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Recommend me some good Engineering books/magazines!

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    Hi
    I'm thinking of doing Engineering at Uni (either Mechanical or Chemical) and was about to buy some Engineering books to read around the subject and to further my knowledge.

    The books I was going to buy were from the Cambridge engineering reading list http://www.eng.cam.ac.uk/admissions/...n/reading.html . I was just wondering if anyone would want to recommend any other Engineering books they have read that were really good, preferably based around Mech or Chem eng but I'm open to any suggestions.

    Also, I was wondering if any knew of any good Engineering magazines kinda like "New scientist" but for Engineering - can't seem it's Eng equivalent.

    Many Thanks
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    Most of the magazines come from the institutes, and tend to require a subscription (although you might be able to find past issues available as pdf downloads)
    Check out the IET (electronics, computing, electrical), IMechE (mechanical), IChemE(chemical), IoM3(materials, minerals, mining) IMarEST (marine, shipping), or RAeS (aeronautical)

    "Professional Engineering" http://profeng.com/ is probably the closest equivalent of NewScientist, as it were, but it's harder to find. NewScientist and Scientific American usually have a fair few technology/engineering articles in them anyway.

    As for books, I never bothered - that reading list looks as good as any - Without the Hot Air is a very good (and free to download) read concerning renewable energy- http://www.withouthotair.com/
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    Most of the magazines come from the institutes, and tend to require a subscription (although you might be able to find past issues available as pdf downloads)
    Check out the IET (electronics, computing, electrical), IMechE (mechanical), IChemE(chemical), IoM3(materials, minerals, mining) IMarEST (marine, shipping), or RAeS (aeronautical)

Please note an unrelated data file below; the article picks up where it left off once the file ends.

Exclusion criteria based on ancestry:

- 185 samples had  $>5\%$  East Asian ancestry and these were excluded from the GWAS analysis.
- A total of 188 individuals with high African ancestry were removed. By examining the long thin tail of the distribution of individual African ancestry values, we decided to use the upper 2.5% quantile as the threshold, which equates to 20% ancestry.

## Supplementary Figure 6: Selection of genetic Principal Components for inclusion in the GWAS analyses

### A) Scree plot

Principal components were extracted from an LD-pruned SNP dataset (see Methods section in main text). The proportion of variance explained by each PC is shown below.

"Professional Engineering" http://profeng.com/ is probably the closest equivalent of NewScientist, as it were, but it's harder to find. NewScientist and Scientific American usually have a fair few technology/engineering articles in them anyway.

    As for books, I never bothered - that reading list looks as good as any - Without the Hot Air is a very good (and free to download) read concerning renewable energy- http://www.withouthotair.com/

    Stu Haynes MEng MIET MIEEE
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    'Sustainable Materials -with both eyes open' is also free to download. Another book from the same stable, but not free to download is 'Drugs without the hot air', though not engineering, obviously.
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    Im in the same situation, im starting uni in september and wanted to refresh my memory so i went with "Newnes Basic Engineering Mathematics" "A dummies guid to engineering" and Newnes Starting Electronics". But my reading is getting back to basics as i found in electrical principles everything builds on the basic principle of "ohms Law" im shure engineering is the same. Even if you know alot about engineering the way the "beginner" or "for dummies" book are wrote makes them enjoyable to read. As for mags i like that Focus but that is mainly science with engineering making an appearance every now and then.


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    (Original post by pheonix254)
    Most of the magazines come from the institutes, and tend to require a subscription (although you might be able to find past issues available as pdf downloads)
    Check out the IET (electronics, computing, electrical), IMechE (mechanical), IChemE(chemical), IoM3(materials, minerals, mining) IMarEST (marine, shipping), or RAeS (aeronautical)

    "Professional Engineering" http://profeng.com/ is probably the closest equivalent of NewScientist, as it were, but it's harder to find. NewScientist and Scientific American usually have a fair few technology/engineering articles in them anyway.

    As for books, I never bothered - that reading list looks as good as any - Without the Hot Air is a very good (and free to download) read concerning renewable energy- http://www.withouthotair.com/

    Stu Haynes MEng MIET MIEEE
    Thanks for the reply, especially for the sustainable energy link, which discipline in your opinion focuses the most on alternative energies? Is it between Mech eng and Chem eng? Possibly Mech eng because although they deal mainly with anything that has motion, alternative energies have got to work in Cars OR Cars will have to be enhanced/redesigned to run these alt. energies - hence involvement of motion. Or is the development of alt./sustainable energies something that engineers of pretty much any discipline would do at a phd level? i.e some sort of research project?